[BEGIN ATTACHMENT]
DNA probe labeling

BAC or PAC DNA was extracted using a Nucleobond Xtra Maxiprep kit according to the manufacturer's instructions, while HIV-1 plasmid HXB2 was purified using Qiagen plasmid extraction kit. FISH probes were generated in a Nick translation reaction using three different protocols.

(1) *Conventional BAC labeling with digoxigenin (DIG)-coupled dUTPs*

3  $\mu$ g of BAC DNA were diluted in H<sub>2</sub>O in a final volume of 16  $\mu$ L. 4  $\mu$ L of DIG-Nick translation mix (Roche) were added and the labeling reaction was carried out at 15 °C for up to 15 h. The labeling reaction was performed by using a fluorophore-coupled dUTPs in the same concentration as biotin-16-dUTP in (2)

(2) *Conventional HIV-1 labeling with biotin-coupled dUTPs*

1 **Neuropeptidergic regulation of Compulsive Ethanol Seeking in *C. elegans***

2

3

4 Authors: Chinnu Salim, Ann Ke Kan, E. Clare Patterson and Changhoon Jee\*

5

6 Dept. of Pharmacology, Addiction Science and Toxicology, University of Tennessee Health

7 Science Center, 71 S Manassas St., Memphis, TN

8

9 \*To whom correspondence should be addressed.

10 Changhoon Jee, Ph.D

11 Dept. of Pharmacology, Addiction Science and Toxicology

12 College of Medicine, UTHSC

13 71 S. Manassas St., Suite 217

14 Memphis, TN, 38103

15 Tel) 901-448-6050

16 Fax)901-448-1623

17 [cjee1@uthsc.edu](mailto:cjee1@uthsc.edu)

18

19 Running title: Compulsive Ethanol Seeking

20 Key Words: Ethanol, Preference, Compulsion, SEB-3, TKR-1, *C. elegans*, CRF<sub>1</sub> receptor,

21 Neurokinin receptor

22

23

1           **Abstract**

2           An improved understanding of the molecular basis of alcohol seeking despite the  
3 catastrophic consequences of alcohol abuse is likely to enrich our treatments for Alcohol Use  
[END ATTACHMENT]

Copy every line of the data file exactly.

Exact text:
DNA probe labeling

BAC or PAC DNA was extracted using a Nucleobond Xtra Maxiprep kit according to the manufacturer's instructions, while HIV-1 plasmid HXB2 was purified using Qiagen plasmid extraction kit. FISH probes were generated in a Nick translation reaction using three different protocols.

(1) *Conventional BAC labeling with digoxigenin (DIG)-coupled dUTPs*

3  $\mu$ g of BAC DNA were diluted in H<sub>2</sub>O in a final volume of 16  $\mu$ L. 4  $\mu$ L of DIG-Nick translation mix (Roche) were added and the labeling reaction was carried out at 15 °C for up to 15 h. The labeling reaction was performed by using a fluorophore-coupled dUTPs in the same concentration as biotin-16-dUTP in (2)

(2) *Conventional HIV-1 labeling with biotin-coupled dUTPs*

1 **Neuropeptidergic regulation of Compulsive Ethanol Seeking in *C. elegans***

2

3

4 Authors: Chinnu Salim, Ann Ke Kan, E. Clare Patterson and Changhoon Jee\*

5

6 Dept. of Pharmacology, Addiction Science and Toxicology, University of Tennessee Health

7 Science Center, 71 S Manassas St., Memphis, TN

8

9 \*To whom correspondence should be addressed.

10 Changhoon Jee, Ph.D

11 Dept. of Pharmacology, Addiction Science and Toxicology

12 College of Medicine, UTHSC

13 71 S. Manassas St., Suite 217

14 Memphis, TN, 38103

15 Tel) 901-448-6050

16 Fax)901-448-1623

17 [cjee1@uthsc.edu](mailto:cjee1@uthsc.edu)

18

19 Running title: Compulsive Ethanol Seeking

20 Key Words: Ethanol, Preference, Compulsion, SEB-3, TKR-1, *C. elegans*, CRF<sub>1</sub> receptor,

21 Neurokinin receptor

22

23

1           **Abstract**

2           An improved understanding of the molecular basis of alcohol seeking despite the  
3 catastrophic consequences of alcohol abuse is likely to enrich our treatments for Alcohol Use  